New rules for driving with children on board come into effect Thursday

New guidelines from the province expect children who are under a certain height, or who are younger than nine, to be in a booster seat starting Thursday.

Drivers who aren’t following the new rules could face a fine of $80 to $100 and three demerit points, according to Quebec’s automobile insurance board (SAAQ).

The child can be younger than nine and out of booster seats if they are taller than 145 centimetres — or 4-9 — when standing. The previous rule stated that children had to be 63 centimetres high when seated.

SAAQ spokesperson Mario Vaillancourt said the new rules will help prevent serious injuries.

He said that, based on studies from around the world, keeping children in booster seats helps keep them safe.

Certified child passenger safety instructor Marie-Pier Carpentier said the main thing to understand about the new rules is that the seatbelt must fall across the hips and shoulder of the child — not over the neck and stomach.

The SAAQ recommends that children under the age of 12 ride in the back seat, but that isn’t mandatory.

The change to the Highway Safety Code was first put forward in a bill in late 2017.

Every year, more than 1,000 children under the age of nine are victims of road accidents, and child seats can reduce the risk of serious injury or death by up to 70 per cent, according to the SAAQ.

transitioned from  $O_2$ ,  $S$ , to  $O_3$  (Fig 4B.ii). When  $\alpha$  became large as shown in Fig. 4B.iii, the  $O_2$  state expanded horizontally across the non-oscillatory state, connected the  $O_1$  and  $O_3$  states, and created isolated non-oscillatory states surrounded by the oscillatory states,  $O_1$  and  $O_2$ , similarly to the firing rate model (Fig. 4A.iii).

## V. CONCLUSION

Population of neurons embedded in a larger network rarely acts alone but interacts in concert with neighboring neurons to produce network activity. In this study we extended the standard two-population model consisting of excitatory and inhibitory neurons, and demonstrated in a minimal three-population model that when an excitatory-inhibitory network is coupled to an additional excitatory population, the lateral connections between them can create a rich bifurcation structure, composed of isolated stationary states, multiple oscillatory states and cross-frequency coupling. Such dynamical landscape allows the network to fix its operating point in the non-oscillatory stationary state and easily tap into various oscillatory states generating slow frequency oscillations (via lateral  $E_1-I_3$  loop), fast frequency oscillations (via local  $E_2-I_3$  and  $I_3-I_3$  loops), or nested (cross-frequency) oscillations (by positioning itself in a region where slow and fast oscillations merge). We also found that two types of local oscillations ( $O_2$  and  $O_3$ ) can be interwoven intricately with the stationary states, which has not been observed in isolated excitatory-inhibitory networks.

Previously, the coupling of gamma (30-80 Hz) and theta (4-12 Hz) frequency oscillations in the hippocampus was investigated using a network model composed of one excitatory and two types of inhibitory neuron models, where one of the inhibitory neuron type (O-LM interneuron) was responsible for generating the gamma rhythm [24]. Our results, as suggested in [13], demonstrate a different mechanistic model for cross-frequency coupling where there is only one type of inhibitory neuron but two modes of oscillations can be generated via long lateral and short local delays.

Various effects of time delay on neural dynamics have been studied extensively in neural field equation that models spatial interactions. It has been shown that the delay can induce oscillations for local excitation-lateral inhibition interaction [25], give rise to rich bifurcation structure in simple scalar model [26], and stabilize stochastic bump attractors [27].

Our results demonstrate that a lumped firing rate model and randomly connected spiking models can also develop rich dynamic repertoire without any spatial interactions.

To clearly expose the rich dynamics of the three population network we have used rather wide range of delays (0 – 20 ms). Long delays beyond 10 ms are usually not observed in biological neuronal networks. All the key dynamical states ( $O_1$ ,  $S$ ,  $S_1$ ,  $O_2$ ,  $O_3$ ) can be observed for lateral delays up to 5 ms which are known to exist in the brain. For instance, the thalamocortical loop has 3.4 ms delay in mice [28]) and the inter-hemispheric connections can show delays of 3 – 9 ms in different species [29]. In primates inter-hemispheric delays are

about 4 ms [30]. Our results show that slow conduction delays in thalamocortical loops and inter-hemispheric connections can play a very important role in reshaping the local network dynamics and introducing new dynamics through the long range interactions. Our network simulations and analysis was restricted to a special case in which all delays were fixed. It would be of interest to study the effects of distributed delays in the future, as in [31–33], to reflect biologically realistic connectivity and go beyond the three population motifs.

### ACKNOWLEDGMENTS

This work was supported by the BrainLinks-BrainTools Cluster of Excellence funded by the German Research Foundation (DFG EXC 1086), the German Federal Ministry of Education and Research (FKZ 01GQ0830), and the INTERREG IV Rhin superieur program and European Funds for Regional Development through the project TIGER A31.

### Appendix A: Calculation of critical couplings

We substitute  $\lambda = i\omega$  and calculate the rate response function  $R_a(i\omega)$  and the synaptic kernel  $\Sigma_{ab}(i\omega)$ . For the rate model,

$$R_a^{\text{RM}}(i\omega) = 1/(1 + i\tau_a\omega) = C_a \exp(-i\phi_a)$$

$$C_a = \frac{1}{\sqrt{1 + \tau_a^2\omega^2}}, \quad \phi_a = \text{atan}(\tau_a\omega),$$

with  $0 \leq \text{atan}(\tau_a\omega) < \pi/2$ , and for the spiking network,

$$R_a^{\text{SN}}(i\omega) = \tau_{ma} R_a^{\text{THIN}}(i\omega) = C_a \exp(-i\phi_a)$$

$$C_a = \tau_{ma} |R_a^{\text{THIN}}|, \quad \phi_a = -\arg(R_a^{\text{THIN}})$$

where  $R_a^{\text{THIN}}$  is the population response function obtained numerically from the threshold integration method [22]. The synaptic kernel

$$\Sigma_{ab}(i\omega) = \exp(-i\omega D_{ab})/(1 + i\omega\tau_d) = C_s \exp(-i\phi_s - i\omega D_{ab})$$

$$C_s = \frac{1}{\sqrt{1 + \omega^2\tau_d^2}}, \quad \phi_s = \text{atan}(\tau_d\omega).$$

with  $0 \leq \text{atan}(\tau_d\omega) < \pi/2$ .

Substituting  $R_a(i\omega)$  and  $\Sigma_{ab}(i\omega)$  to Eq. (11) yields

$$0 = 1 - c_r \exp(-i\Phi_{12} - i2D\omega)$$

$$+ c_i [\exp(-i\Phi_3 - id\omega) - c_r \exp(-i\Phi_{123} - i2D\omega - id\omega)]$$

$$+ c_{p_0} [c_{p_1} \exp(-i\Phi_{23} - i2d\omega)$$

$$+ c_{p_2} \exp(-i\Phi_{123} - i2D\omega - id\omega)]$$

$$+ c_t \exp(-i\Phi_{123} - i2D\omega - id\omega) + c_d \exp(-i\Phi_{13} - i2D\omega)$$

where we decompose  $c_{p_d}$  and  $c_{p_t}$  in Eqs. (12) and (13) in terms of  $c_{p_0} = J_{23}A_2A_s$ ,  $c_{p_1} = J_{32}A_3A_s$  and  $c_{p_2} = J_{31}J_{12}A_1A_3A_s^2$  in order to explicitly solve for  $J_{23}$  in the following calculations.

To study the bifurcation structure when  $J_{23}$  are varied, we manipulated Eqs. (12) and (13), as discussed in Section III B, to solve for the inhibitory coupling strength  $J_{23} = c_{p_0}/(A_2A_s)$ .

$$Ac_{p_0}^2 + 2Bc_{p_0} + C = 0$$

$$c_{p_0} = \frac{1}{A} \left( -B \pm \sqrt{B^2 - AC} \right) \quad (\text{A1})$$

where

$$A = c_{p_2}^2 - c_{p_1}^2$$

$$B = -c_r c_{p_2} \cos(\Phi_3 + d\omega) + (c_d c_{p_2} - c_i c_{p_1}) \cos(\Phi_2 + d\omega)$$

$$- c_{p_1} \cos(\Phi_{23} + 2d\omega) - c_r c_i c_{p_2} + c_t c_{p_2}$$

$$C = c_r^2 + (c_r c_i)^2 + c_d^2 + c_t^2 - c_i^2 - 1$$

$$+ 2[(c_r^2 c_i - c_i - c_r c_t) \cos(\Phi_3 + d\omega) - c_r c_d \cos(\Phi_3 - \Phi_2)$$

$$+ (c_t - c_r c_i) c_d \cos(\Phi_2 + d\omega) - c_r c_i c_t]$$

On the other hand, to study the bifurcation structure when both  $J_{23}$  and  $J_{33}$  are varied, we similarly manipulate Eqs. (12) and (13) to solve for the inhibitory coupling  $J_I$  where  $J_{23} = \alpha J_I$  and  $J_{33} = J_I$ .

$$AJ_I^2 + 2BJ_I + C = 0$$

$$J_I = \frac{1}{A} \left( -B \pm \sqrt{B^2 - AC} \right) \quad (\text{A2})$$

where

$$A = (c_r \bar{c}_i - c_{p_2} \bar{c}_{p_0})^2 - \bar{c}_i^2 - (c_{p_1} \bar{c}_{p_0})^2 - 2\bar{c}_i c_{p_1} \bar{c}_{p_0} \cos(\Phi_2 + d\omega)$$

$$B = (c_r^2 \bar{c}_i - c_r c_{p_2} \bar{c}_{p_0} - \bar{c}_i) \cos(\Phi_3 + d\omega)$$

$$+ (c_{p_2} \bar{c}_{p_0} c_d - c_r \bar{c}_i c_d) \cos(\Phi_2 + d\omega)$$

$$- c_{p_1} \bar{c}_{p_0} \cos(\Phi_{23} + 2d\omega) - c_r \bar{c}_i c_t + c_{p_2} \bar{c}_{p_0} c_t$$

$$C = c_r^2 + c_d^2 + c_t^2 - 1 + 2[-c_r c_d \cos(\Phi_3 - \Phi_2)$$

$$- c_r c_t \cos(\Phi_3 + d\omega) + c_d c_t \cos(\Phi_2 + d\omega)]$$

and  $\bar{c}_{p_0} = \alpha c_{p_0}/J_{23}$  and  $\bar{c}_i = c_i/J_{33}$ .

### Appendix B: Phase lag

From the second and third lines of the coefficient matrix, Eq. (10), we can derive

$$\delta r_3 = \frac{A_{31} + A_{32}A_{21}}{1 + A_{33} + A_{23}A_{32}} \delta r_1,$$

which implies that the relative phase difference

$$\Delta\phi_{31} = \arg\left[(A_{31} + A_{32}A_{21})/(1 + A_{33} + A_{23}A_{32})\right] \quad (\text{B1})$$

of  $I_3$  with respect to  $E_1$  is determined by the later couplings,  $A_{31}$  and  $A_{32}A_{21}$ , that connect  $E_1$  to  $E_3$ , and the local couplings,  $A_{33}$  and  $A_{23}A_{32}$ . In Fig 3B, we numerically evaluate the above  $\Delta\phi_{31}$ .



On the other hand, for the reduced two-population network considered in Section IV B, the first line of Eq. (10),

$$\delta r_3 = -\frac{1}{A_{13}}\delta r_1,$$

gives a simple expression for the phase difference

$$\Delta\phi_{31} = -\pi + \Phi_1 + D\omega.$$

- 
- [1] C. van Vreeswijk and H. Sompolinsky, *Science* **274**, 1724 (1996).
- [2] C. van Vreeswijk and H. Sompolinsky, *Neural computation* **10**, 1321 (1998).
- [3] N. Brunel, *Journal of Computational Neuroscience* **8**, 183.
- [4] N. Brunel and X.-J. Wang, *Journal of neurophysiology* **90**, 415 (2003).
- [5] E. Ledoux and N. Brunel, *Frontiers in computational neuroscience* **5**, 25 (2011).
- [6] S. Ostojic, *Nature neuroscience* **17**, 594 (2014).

Parents should use three types of seats: newborns who weigh less than 10 kilograms should be in an infant seat; children who weigh more need to be put in a child safety seat; and children over 18 kilograms need to be in a booster seat until their height or age meets the parameters set by the SAAQ.

The SAAQ recommends parents make an appointment with one of its child safety seat inspectors to ensure the seat meets regulations and is properly installed.

Tips from the SAAQ:

  • Seat must have the Transport Canada compliance label. It is illegal to have one from another country, because standards are not the same.
  • Complete and send the registration card to the manufacturer in case there is a recall.
  • Respect the seat’s expiration date. Materials lose resistance over time.
  • Always replace the seat after an accident, even if the child was not in the seat.
  • Using a second-hand seat is strongly discouraged; reselling or lending a car seat made before 2012 is not authorized by Health Canada.